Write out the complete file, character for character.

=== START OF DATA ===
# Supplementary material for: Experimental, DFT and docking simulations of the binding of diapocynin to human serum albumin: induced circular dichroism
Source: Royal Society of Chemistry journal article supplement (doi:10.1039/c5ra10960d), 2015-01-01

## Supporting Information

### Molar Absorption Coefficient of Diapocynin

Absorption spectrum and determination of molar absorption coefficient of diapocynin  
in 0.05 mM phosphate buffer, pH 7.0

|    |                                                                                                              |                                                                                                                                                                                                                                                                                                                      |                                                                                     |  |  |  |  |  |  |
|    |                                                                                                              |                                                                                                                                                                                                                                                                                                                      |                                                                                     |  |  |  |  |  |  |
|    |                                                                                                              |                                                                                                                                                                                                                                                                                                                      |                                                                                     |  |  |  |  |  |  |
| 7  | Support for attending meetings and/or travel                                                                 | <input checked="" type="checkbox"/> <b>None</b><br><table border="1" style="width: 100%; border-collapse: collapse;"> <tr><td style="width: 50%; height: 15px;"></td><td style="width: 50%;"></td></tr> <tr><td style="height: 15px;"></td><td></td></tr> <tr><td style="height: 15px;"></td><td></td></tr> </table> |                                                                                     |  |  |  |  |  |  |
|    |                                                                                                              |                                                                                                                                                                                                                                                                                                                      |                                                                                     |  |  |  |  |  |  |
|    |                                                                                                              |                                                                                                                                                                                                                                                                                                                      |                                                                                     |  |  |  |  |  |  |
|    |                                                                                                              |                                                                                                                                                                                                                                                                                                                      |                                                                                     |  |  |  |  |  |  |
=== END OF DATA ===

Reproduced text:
# Supplementary material for: Experimental, DFT and docking simulations of the binding of diapocynin to human serum albumin: induced circular dichroism
Source: Royal Society of Chemistry journal article supplement (doi:10.1039/c5ra10960d), 2015-01-01

## Supporting Information

### Molar Absorption Coefficient of Diapocynin

Absorption spectrum and determination of molar absorption coefficient of diapocynin  
in 0.05 mM phosphate buffer, pH 7.0

|    |                                                                                                              |                                                                                                                                                                                                                                                                                                                      |                                                                                     |  |  |  |  |  |  |
|    |                                                                                                              |                                                                                                                                                                                                                                                                                                                      |                                                                                     |  |  |  |  |  |  |
|    |                                                                                                              |                                                                                                                                                                                                                                                                                                                      |                                                                                     |  |  |  |  |  |  |
| 7  | Support for attending meetings and/or travel                                                                 | <input checked="" type="checkbox"/> <b>None</b><br><table border="1" style="width: 100%; border-collapse: collapse;"> <tr><td style="width: 50%; height: 15px;"></td><td style="width: 50%;"></td></tr> <tr><td style="height: 15px;"></td><td></td></tr> <tr><td style="height: 15px;"></td><td></td></tr> </table> |                                                                                     |  |  |  |  |  |  |
|    |                                                                                                              |                                                                                                                                                                                                                                                                                                                      |                                                                                     |  |  |  |  |  |  |
|    |                                                                                                              |                                                                                                                                                                                                                                                                                                                      |                                                                                     |  |  |  |  |  |  |
|    |                                                                                                              |                                                                                                                                                                                                                                                                                                                      |                                                                                     |  |  |  |  |  |  |